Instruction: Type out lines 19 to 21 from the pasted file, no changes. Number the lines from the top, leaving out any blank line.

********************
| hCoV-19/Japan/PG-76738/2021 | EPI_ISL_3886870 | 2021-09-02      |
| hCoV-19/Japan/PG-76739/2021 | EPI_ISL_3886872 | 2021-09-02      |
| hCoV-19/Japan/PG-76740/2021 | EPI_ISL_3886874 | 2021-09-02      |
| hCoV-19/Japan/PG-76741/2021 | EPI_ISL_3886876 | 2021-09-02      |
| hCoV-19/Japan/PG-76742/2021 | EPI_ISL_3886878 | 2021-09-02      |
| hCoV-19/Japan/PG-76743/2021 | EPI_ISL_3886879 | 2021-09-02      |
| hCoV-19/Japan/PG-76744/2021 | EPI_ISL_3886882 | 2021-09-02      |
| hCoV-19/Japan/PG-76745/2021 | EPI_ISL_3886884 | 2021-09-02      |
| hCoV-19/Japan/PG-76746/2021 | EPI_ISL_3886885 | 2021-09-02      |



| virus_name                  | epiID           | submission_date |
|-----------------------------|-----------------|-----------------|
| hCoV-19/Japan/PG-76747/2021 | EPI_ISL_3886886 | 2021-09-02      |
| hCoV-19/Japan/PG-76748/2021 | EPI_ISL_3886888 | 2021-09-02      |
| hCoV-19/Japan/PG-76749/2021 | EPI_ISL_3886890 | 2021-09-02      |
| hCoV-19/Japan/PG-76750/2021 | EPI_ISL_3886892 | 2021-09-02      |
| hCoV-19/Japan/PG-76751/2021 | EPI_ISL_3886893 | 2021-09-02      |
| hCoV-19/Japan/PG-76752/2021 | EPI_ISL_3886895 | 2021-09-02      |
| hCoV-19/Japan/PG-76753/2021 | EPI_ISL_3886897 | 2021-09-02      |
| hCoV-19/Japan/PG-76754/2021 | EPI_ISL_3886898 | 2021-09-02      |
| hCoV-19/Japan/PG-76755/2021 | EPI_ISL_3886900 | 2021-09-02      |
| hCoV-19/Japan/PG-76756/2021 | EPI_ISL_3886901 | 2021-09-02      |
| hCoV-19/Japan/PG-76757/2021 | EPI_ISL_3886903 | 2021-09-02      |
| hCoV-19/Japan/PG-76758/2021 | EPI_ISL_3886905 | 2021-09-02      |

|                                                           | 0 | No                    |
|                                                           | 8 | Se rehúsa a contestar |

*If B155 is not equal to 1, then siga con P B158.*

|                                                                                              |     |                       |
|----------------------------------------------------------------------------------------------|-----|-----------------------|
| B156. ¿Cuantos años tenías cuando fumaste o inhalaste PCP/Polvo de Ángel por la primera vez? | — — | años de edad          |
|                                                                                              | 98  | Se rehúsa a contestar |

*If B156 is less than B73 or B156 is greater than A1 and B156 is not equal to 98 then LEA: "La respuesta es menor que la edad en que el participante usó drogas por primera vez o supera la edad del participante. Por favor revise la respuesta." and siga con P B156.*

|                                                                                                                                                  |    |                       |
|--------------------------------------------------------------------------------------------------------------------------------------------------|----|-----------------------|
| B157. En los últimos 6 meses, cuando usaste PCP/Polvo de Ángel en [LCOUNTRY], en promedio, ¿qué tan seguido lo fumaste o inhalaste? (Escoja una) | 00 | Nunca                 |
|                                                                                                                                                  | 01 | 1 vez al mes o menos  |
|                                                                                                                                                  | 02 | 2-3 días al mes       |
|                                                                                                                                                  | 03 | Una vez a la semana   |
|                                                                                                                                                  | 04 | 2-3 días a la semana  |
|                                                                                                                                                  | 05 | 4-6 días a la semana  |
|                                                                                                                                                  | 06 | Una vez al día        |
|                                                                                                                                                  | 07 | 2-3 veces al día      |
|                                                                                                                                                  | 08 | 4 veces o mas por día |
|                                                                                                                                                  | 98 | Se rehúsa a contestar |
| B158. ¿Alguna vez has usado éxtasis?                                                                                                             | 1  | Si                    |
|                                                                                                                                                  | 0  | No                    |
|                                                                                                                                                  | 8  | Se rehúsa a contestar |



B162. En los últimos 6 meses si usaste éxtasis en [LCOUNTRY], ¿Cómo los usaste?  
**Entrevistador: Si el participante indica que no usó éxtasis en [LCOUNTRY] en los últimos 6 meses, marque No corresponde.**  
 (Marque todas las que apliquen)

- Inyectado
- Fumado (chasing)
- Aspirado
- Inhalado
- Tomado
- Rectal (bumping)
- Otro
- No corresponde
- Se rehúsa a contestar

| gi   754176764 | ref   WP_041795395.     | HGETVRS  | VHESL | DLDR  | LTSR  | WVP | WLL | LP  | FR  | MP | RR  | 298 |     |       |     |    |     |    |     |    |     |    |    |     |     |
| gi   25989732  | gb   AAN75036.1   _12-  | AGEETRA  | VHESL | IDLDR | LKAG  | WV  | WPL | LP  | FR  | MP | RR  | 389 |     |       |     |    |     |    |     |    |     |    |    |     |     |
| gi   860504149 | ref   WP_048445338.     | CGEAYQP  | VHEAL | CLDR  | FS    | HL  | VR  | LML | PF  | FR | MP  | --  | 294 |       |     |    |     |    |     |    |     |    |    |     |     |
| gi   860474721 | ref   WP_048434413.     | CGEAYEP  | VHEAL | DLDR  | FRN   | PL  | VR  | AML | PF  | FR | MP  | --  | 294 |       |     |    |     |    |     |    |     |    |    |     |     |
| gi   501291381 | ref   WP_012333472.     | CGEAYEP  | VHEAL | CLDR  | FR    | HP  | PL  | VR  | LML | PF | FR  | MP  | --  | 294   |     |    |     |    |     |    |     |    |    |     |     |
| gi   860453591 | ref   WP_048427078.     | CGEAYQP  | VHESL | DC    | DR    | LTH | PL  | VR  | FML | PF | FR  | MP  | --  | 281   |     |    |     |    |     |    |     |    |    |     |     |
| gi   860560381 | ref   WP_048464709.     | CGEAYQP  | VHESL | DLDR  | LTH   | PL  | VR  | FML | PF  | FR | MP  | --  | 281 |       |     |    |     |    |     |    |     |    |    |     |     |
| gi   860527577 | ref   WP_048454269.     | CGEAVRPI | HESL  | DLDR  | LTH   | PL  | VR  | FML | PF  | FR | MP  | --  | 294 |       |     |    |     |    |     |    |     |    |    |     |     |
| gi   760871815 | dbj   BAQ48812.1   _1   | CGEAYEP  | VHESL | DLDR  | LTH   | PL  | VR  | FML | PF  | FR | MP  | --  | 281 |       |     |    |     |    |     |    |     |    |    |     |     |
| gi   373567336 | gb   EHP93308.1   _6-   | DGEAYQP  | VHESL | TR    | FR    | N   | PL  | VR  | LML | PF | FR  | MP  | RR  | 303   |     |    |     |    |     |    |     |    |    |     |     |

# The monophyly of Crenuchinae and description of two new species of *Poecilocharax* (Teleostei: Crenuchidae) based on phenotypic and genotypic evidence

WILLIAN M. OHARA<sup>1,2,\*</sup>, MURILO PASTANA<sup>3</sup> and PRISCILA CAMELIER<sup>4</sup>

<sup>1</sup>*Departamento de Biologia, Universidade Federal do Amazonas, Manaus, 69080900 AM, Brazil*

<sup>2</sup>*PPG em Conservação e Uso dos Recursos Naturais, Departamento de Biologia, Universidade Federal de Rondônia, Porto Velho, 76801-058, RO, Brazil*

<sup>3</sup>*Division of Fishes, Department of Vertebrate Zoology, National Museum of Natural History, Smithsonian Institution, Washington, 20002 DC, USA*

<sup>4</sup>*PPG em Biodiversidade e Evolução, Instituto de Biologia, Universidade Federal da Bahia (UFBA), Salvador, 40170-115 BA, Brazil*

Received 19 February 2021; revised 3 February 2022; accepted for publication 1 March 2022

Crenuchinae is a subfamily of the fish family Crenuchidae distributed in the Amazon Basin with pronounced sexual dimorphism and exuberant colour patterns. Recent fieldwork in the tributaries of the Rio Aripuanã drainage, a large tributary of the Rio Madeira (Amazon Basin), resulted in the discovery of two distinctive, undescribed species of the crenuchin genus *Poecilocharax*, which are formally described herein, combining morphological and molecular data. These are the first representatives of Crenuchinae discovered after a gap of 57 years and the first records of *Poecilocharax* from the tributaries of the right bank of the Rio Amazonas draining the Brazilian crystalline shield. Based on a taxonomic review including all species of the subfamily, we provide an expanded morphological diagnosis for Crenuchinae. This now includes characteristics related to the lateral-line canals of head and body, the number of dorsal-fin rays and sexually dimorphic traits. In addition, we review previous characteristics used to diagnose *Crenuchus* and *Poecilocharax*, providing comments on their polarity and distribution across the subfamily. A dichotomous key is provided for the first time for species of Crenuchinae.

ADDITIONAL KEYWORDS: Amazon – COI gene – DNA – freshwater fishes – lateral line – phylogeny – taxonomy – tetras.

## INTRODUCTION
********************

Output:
| hCoV-19/Japan/PG-76754/2021 | EPI_ISL_3886898 | 2021-09-02      |
| hCoV-19/Japan/PG-76755/2021 | EPI_ISL_3886900 | 2021-09-02      |
| hCoV-19/Japan/PG-76756/2021 | EPI_ISL_3886901 | 2021-09-02      |